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Migrating an On-Premises Database to Oracle Cloud Infrastructure: Create a Backup in the Cloud

Brian Spendolini
Database Cloud Services Product Manager

Updated version can be found here:



One of the most common questions we get about our cloud is how to migrate existing databases into the Oracle Cloud. Are there tools? Is there an automated process? How difficult it is?

The last comment is always the one that catches you...how difficult is it. It assumes that its going to be hard; that the process has so many pitfalls that its just an impossible task. But what if it was easy? Just what if there was a way that I could move my database into the cloud quickly and without much effort?

In this blog, we are going to go over just that, a method to move your database into the Oracle's cloud with a single command. Now granted, there are some setups to be done; but once the environments are prepared, it really is a single command.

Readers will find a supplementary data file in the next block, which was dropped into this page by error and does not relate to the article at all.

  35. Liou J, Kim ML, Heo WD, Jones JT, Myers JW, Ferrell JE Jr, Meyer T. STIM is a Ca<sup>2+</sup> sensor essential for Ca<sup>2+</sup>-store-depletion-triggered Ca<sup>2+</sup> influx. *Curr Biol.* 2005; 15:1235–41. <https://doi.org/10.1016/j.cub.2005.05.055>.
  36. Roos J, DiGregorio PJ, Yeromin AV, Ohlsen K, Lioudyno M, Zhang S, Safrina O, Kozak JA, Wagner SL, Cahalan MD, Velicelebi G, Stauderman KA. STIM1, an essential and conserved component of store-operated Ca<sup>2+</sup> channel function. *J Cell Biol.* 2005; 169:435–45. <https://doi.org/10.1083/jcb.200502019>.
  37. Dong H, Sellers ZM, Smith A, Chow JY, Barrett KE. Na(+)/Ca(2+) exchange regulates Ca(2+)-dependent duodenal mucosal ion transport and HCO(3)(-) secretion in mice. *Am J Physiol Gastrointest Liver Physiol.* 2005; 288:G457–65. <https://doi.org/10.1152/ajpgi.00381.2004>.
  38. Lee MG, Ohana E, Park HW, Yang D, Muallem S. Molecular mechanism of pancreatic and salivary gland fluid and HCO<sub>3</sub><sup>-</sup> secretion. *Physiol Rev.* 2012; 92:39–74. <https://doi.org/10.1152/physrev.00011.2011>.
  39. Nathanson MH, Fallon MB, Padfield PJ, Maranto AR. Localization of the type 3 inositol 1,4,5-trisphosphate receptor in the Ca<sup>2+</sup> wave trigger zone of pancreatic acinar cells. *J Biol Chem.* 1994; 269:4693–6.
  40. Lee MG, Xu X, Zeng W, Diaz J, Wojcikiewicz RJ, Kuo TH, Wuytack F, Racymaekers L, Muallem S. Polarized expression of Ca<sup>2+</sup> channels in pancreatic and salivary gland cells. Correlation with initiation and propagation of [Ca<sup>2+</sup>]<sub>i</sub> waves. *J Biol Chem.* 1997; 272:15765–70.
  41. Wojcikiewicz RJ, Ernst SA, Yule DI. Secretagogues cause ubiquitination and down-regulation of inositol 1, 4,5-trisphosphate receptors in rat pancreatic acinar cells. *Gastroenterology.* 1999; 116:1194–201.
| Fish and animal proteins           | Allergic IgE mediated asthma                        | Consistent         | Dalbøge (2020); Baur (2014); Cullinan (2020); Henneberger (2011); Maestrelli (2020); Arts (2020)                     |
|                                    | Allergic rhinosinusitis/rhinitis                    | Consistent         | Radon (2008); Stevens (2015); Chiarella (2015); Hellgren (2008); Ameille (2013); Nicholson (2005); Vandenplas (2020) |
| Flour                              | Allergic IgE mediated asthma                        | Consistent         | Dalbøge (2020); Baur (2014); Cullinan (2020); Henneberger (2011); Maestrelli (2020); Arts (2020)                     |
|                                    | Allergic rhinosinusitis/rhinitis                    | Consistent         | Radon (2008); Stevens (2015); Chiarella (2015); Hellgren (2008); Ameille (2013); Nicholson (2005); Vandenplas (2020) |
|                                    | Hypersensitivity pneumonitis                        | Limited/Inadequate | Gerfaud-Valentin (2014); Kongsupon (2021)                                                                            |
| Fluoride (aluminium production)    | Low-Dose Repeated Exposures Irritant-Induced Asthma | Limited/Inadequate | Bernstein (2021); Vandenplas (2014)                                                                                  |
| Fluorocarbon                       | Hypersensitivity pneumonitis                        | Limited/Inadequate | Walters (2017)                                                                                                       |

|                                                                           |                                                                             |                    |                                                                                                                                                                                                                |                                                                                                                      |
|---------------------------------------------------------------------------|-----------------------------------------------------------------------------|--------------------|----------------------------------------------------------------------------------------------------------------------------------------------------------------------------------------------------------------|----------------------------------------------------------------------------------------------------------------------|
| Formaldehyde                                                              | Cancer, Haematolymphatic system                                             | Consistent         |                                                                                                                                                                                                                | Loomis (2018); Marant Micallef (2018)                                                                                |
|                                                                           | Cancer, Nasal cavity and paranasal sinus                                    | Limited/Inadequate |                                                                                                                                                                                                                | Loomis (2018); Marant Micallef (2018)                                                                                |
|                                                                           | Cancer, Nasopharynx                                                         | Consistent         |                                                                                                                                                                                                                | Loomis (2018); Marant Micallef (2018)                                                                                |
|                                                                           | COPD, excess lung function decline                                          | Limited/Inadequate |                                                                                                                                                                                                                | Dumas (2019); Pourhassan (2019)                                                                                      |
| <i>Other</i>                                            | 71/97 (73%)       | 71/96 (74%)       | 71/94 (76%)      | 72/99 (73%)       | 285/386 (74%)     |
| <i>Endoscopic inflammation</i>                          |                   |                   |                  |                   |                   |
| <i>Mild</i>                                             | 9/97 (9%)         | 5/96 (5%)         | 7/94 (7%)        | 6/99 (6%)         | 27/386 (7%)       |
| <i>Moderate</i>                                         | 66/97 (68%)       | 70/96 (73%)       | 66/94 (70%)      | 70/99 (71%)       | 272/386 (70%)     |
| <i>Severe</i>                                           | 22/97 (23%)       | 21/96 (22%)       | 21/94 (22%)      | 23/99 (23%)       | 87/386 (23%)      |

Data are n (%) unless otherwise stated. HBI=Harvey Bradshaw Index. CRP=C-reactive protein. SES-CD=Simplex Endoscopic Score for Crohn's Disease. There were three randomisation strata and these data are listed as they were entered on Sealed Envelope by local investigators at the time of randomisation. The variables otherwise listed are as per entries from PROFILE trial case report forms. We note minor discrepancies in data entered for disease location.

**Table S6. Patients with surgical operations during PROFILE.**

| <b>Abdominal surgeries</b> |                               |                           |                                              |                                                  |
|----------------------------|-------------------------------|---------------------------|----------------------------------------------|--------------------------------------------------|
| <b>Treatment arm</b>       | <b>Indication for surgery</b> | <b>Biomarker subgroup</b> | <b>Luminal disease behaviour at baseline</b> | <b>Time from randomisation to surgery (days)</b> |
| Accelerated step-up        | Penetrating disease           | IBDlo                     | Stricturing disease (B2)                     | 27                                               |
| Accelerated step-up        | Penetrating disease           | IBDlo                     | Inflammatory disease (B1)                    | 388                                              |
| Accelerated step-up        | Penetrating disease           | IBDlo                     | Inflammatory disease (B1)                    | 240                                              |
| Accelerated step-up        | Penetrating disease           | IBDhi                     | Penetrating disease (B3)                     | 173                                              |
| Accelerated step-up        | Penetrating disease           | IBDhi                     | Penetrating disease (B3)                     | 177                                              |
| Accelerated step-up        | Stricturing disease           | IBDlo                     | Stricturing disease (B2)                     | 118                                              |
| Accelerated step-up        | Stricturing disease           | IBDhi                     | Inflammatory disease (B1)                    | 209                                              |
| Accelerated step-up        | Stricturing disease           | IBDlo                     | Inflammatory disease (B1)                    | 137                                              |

So lets start with some background on the process. In Oracle Cloud Infrastructure, we can take a database backup and place it into the cloud. This backup can be from a database already in OCI or could be on premises or in another cloud. That second scenario is the one we will concentrate on and the process is quite simple. We can use the Database Backup Cloud Service to take a full backup of a selected database then create a database in OCI from that backup.

We are going to follow the process outlined in our documentation here, but we are going to walk through it step by step. Please ensure that you meet the requirements outline in the Compatibility section of the docs and are using Oracle Managed Files.

To start, we need to get our host system ready. For this we need to do the following:

1) Set up outbound internet connectivity for installing Python packages, running yum install, and access to the Oracle Cloud Infrastructure API and Object Storage on the source system.

2) Set up RMAN to autobackup the controlfile and spfile of the source database